Nikki Van Noy: Is there in your mind a certain group or population of people that MLM particularly like to prey upon? Is there an at-risk group here?

Mark Davenport: I can say that I won’t be gender racist since I’m a male, but I can talk about my own people. I think males, in general, are more receptive because they are the ones that want to live the high life. They want sports cars, they want to live in massive mansions, they want to impress their girlfriend or wife.

For us, it’s easier to fall for the promises and the hope that this is my way to stardom. To become rich and wealthy and famous at the same time, which was a big deal recognition in this industry. If you compare males and females, I would absolutely say that the male population is the one that is at risk, and then if you talk age groups, between twenty and thirty-five when men are trying to find who they are and grow up. This is the main risk group, I would say.

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An Example

Nikki Van Noy: Are there any stories or companies that stand out in your mind that really exemplify what has gone wrong, or what the collateral effect of this can be?

Mark Davenport: There is actually a recent story that’s gone viral, and they were acting globally. Maybe you have heard about it. OneCoin was one of those cryptocurrency and network marketing companies. When they came out, they had the old fantastic story, the founder who was a kind of doctor from Bulgaria, and a former investment banker, and she had enough and wanted to create a better world, which is always the case.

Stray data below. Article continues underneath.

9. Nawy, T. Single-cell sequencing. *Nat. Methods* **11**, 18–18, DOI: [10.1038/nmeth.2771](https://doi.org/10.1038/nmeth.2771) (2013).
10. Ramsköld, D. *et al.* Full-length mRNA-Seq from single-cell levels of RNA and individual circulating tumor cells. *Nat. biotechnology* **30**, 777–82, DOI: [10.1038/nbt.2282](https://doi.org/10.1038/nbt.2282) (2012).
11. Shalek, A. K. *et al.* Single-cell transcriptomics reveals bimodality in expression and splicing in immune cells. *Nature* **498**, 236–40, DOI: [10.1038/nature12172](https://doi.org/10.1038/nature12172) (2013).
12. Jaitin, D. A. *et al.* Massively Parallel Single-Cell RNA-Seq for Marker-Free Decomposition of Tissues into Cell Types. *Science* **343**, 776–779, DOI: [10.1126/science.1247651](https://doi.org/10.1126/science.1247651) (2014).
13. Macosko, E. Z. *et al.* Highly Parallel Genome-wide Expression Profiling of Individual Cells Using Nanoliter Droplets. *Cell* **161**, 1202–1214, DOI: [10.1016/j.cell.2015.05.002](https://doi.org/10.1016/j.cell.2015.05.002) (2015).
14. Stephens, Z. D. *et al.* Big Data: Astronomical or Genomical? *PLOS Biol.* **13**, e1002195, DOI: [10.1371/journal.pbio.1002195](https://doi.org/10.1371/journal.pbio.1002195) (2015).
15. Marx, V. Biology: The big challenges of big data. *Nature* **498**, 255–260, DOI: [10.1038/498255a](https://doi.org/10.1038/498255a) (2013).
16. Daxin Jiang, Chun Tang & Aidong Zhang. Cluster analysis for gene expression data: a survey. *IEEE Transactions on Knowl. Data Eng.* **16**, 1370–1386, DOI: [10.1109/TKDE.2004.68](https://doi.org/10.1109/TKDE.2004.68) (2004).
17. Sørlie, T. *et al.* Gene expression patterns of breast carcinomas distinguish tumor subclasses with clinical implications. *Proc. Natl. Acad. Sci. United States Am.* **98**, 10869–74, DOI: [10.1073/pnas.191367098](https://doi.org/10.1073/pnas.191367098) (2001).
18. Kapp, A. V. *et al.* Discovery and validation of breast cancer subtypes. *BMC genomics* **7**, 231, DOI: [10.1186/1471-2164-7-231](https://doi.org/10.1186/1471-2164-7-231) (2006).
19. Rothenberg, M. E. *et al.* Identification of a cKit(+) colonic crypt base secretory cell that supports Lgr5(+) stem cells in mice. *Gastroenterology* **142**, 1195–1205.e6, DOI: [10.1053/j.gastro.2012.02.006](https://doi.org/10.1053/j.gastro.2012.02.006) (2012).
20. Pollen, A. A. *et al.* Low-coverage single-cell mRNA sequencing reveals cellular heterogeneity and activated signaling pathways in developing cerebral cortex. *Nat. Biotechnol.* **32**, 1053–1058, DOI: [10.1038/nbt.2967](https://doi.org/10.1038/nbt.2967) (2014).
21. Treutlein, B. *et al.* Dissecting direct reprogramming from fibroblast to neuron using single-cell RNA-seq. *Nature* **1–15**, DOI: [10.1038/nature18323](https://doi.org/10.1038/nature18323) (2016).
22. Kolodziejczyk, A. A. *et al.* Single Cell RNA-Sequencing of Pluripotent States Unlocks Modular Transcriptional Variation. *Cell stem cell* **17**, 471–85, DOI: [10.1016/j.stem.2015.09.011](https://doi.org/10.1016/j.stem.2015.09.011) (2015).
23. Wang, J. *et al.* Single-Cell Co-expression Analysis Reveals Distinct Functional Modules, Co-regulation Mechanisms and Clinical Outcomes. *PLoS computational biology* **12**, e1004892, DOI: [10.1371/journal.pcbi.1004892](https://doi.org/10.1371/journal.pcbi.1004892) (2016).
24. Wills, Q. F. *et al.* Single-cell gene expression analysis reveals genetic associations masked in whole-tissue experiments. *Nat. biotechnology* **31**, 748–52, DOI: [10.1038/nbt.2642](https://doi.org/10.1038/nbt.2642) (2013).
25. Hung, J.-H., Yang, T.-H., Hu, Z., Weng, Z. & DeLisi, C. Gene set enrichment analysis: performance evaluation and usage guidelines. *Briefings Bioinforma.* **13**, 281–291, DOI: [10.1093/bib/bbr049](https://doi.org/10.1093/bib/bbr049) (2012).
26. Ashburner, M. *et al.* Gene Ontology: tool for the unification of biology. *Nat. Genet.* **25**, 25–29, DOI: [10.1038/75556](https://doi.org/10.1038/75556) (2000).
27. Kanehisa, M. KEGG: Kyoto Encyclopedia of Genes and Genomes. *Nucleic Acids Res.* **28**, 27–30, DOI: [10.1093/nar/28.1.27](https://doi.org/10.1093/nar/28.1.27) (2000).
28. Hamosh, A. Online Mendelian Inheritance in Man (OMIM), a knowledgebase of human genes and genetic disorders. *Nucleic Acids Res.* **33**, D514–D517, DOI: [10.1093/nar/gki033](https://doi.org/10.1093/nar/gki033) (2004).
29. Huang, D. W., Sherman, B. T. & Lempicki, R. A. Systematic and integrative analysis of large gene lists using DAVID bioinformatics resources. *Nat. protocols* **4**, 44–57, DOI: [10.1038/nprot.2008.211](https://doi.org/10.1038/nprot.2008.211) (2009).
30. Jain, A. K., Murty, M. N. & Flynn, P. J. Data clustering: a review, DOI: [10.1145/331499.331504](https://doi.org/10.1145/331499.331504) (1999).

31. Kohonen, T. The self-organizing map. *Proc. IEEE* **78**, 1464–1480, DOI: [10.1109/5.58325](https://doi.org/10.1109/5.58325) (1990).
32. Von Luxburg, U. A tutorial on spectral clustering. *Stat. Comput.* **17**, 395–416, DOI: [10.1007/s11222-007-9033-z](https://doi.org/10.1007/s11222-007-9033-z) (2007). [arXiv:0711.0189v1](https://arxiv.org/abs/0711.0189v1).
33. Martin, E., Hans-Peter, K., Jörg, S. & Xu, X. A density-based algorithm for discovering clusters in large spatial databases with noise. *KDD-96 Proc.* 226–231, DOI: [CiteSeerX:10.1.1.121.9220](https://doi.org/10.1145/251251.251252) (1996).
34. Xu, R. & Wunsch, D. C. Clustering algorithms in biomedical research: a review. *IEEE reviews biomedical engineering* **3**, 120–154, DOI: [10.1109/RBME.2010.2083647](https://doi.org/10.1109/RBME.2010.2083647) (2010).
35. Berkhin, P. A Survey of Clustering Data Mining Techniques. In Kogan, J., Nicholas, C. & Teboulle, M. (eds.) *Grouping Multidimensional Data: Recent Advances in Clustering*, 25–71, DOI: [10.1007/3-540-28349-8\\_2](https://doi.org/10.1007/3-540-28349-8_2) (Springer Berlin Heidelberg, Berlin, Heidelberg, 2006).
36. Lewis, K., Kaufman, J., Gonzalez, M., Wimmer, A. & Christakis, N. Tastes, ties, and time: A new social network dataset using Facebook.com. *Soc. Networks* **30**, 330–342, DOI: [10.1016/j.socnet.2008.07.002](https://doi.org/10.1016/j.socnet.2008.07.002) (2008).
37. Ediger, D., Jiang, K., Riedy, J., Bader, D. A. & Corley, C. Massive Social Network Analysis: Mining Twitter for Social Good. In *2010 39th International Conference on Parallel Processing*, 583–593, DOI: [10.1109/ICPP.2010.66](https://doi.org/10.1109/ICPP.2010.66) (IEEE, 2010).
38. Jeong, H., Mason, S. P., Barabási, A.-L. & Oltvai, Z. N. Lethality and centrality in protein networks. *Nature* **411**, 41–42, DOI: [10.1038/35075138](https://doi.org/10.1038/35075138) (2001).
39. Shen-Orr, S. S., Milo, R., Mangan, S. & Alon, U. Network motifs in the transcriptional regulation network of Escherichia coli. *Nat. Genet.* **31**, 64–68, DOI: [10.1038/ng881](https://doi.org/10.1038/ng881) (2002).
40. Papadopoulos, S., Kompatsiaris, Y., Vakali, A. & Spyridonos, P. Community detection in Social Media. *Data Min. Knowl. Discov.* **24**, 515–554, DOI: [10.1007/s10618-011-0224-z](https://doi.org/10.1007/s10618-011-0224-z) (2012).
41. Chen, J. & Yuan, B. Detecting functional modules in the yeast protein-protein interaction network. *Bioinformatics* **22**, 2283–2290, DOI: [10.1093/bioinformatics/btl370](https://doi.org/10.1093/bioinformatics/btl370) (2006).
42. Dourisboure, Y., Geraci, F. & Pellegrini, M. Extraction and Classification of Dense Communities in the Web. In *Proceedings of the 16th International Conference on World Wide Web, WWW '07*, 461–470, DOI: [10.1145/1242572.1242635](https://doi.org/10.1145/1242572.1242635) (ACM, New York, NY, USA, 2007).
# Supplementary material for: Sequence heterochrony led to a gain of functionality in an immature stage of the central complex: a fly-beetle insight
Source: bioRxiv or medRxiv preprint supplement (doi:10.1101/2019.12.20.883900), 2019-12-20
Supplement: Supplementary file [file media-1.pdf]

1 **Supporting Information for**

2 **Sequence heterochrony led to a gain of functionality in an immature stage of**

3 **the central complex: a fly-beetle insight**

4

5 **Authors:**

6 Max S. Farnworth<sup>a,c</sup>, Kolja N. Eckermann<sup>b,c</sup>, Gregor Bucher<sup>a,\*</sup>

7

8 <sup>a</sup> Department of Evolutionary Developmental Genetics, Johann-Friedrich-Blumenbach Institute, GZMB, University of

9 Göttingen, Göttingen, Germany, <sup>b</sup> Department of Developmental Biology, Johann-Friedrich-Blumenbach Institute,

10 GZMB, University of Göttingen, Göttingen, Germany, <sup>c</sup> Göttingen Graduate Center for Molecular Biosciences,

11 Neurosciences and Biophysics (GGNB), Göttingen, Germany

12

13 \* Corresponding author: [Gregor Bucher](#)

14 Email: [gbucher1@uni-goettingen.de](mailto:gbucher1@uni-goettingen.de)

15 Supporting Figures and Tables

You could invest in a cryptocurrency that would be bigger one day than bitcoin, but it wasn’t real yet. It has to be built, so that’s why you buy tokens for the right to have the currency at a later stage.

If you applied common sense, everyone would say, that must be a fraud, that can’t work. It will never be the way they are saying. The way the top leaders pitched and pushed for having people investing, not like normal MLM businesses, where it is maybe 200, 300 or $400. They had start packages that went all the way up to 25, 50,000 or $100,000  and so, now we’re talking serious harm because once greed starts taking over your brain, people started to get another mortgage on their house.

Despite the fact that newspapers and authorities started investigating the company, everybody was on the winning train and singing songs because obviously, if you don’t have a product, and you do a couple of billion dollars in sales, you have a lot of commission to payout, because you don’t have to buy or produce anything. You just have air.

Then a couple of months ago, the first country started to seize assets and shut down the company. They eventually arrested the founders and their brother. Currently, governments from different countries are guessing that they probably stole anything between three and fifteen billion dollars from people. This is so sad.

What I’m saying, is that we can look at the companies, we can look at the distributors, and the leaders, but we also have to look at the government bodies. You can do that business model, but you have to be focused on customers, which once again, should be common sense. Why would you produce a product in the first place, if you don’t sell it to anyone but your own people? It doesn’t make sense.